Crying out for Unconventional Conversation

Something Andrew said has got me asking, how do we get the virally-minded Missionals, the macho-charismatic Calvinists, the anarcho-hippie Anabaptists and the pomo-philosophising Emergents talking to one another about mission again? I miss the interplay.

Yeah, sure, we disagree on some things. But we all agree the ancient distinction between overseas mission and local church has collapsed / is collapsing, we all agree we should be focussing on Jesus in the midst of this, isn’t there a whole lot of stuff we could still work through together?

Even where we disagree on things, can’t we see that iron sharpens iron and if we debate with respect there is much to be learned from the experience and the engagement? Jesus was a guy who walked all over boundaries. Why shouldn’t we?

13 thoughts on “Crying out for Unconventional Conversation

  1. Steve, no problem with reposting elsewhere and no I’d don’t mind including others in the list. I considered mentioning non-Protestant traditions and only hesitated for the sake of focus.
    You know, it’s like western mission / emerging church conversation started out with a lot of people naively pretending that differences didn’t matter, then we discovered they did and the conversation died, but what we need now is a third wave realisation that what we have in common matters more than the differences so we still have a lot to talk to one another about.
    Yes, social networking has contributed to the conversation bleed off but I don’t think we can put it down entirely to that. Why? Because I don’t see much missional conversation happening on Twitter or Facebook even amongst the supposedly leading voices. I agree that the conversation has been diluted by the influx of non-niche, trivia-loaded microblogging, so that the signal to noise ratio has dropped drastically. But we all have filters should we choose to use them. No, there is a motivation issue here too. We are not prioritizing the conversation, we’re allowing ourselves to be distracted by the noise, we’ve allowed out data bubbles to develop an inwardly reflecting surface.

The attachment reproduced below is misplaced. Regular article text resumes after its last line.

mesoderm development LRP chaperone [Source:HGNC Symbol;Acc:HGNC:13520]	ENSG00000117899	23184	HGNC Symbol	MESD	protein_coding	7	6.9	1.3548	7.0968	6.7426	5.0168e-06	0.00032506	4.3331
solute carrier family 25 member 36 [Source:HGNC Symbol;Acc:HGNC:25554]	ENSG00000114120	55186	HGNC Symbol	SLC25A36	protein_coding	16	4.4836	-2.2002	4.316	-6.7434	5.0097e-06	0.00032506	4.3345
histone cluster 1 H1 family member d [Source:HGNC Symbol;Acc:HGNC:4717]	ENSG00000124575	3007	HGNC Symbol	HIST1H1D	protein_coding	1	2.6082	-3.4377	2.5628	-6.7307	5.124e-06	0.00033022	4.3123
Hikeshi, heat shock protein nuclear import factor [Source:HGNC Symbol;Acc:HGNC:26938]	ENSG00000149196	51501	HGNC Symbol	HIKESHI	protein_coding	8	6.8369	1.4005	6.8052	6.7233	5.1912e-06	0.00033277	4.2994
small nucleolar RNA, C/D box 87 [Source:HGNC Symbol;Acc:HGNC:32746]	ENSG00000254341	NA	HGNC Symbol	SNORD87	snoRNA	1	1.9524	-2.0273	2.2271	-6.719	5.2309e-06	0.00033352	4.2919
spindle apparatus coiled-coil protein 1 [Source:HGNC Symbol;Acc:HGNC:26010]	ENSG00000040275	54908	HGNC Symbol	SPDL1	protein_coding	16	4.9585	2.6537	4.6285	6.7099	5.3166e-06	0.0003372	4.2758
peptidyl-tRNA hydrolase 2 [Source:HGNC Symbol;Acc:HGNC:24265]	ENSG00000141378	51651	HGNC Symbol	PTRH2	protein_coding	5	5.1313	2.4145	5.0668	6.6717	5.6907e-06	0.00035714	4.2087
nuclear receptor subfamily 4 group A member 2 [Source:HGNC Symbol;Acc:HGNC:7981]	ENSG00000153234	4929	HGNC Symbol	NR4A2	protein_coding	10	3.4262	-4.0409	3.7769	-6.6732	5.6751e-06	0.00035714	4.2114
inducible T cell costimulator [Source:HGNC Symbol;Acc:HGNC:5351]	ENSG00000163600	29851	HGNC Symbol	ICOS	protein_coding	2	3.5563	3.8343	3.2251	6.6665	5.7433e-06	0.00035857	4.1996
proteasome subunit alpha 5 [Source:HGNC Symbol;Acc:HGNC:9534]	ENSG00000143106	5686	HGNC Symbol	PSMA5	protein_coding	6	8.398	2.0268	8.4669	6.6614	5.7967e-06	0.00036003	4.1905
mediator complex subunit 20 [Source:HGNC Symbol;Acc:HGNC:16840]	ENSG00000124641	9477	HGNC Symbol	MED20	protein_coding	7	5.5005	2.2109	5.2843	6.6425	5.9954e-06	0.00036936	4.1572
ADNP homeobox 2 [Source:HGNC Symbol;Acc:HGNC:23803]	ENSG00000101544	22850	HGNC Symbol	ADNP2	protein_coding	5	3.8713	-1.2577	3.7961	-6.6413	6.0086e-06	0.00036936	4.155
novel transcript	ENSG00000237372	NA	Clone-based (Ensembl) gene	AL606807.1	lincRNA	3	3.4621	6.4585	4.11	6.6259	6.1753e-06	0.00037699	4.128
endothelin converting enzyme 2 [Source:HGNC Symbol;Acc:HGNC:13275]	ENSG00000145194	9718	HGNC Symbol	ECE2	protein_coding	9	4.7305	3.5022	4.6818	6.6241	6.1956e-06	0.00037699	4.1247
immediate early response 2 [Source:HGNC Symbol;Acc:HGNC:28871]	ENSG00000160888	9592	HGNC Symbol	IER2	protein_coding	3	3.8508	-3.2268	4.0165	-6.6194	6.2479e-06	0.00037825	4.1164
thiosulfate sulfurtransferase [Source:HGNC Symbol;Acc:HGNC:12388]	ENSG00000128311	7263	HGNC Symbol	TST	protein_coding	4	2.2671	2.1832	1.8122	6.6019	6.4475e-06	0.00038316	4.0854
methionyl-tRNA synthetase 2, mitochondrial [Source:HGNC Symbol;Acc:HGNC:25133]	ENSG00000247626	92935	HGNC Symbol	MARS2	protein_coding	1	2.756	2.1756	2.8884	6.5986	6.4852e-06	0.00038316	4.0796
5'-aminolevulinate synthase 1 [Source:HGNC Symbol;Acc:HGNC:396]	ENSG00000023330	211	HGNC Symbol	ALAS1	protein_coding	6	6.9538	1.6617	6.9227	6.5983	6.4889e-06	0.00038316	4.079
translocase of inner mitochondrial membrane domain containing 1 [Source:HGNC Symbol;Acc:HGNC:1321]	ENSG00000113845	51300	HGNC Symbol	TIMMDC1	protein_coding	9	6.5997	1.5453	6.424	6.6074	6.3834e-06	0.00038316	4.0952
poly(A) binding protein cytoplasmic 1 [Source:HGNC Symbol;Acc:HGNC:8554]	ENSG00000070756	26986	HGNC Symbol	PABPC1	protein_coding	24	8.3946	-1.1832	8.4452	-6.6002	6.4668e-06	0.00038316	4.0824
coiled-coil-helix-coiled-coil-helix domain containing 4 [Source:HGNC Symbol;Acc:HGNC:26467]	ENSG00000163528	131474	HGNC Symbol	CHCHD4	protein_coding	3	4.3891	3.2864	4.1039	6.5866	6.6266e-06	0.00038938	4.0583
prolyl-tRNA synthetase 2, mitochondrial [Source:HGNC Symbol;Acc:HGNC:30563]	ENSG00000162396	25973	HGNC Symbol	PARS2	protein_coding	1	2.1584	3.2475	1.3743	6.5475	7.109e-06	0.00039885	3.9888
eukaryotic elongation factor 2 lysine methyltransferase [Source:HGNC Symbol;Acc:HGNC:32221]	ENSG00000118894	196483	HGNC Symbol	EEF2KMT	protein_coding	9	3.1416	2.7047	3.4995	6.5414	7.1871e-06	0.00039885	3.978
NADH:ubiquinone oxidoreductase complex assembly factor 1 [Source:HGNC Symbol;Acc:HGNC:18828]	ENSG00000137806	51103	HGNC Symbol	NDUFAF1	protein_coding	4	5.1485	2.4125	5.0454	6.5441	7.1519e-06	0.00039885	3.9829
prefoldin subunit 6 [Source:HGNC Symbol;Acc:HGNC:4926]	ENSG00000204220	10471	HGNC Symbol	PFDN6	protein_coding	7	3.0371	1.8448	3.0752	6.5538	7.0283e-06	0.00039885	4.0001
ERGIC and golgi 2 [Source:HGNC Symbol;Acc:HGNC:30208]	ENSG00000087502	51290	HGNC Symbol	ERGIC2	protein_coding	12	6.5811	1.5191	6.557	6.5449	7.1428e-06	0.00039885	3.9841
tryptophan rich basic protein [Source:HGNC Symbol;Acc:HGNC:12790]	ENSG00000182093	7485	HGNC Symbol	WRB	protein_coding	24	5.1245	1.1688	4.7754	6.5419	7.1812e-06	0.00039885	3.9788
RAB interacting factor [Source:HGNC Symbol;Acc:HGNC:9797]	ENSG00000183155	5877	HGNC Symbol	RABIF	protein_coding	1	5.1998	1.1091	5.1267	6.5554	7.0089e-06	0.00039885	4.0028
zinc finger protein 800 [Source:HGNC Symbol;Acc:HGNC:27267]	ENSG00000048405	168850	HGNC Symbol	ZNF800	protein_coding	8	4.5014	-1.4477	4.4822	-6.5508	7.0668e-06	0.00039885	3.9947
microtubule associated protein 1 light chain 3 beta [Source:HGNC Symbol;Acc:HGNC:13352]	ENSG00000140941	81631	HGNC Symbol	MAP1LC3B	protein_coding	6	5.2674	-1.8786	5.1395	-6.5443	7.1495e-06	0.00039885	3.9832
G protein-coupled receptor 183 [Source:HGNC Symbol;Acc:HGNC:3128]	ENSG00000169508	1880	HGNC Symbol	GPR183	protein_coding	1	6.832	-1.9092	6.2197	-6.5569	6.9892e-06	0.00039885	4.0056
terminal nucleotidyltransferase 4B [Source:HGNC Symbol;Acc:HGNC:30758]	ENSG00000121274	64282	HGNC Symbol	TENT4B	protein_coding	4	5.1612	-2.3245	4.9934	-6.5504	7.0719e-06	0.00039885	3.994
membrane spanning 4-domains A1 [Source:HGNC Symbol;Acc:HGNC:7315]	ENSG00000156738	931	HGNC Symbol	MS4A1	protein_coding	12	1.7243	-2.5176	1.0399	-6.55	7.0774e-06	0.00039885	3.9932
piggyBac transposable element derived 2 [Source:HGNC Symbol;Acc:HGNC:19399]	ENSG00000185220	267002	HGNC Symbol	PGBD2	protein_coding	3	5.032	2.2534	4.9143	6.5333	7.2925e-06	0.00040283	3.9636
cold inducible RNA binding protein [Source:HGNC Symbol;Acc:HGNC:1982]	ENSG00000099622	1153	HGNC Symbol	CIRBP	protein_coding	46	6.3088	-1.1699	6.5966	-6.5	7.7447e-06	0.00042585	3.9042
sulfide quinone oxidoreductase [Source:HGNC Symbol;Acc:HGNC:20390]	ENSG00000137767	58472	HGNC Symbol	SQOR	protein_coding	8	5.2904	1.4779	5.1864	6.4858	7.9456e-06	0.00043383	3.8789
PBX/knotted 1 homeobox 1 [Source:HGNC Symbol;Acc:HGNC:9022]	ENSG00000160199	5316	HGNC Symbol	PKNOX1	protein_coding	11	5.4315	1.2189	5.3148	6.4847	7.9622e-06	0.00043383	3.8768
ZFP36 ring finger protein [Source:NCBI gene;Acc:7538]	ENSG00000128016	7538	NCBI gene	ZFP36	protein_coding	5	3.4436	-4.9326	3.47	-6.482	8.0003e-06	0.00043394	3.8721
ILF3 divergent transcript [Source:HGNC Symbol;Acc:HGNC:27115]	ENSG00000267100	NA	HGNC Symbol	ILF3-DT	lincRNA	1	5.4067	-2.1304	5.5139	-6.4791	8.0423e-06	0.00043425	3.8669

2. RD Melbourne’s weather has already come to us today in Sydney.
    I also suspect an over-emphasis on book-writing by the leaders of the emergent church movement has diluted an important part of innovative missional momentum – that of gathering together, brainstorming new ideas and subjecting those to critique by their peers, sowing and building relationship beyond our comfoirt zones, project developing etc.


  3. Part of the problem is being seduced by the wrong medium. You can’t have a discussion on Twitter. But many people try. At one time people used to live-blog at conferences, which was of some use to people who weren’t there, but live Twittering mainly produces garbage, because it’s all out of context and doesn’t mean a thing.
    Facebook is fine for keeping in touch with people, but it doesn’t lend itself to discussions. They might be OK when they are happening, but then it is lost and you can’t find it again. And everyone wants to start their own group, page or whatever, so the whole thing is dissipated. You’d like to get the opinions of A, B and C, and their opinions of each others opinions, but A is in one Facebook Group, B is in another, while C lurks in Google+.
    There are some things for which blogging is better, and old-fashioned mailing lists better still. But people are too busy Twittering inanities at each other to take part in them.


  4. Steve, I agree totally. In fact I have a post coming up on “what blogs are still good at”. I think a lot of the people who used to be in the missional conversation have been distracted by the instantaneous chatter and incessant demands of microblogging platforms like Twitter and Facebook and no longer take the time for the focused engagement and reflection demanded by longer form blog posts and web articles.


  5. Wasn’t me who blogged at 2:08. Must be another Andrew.
    Agree with Steve and Matt that Twitter and FB are okay for one-liners and are full of the “inane”. Not much substance there.
    Worthwhile blogging takes hard work, and actually utilises the cognitive processes of the brain to do it well.
    Can’t say I observe a lot of that in FB and Twitter.


  6. Yeah, I agree with Matt, Steve, and Andrew Park, my husband, on this one. Dilution and dissipation of all the good brain-storming happens a lot these days.
    However, Andrew and I are still maintaining the vulnerable hope that something of substance can occur about this important missional matter… and we are making ourselves available to be involved in both the theopraxy and the orthopraxy of such an exploration 🙂


Leave a Reply

Fill in your details below or click an icon to log in: Logo

You are commenting using your account. Log Out /  Change )

Twitter picture

You are commenting using your Twitter account. Log Out /  Change )

Facebook photo

You are commenting using your Facebook account. Log Out /  Change )

Connecting to %s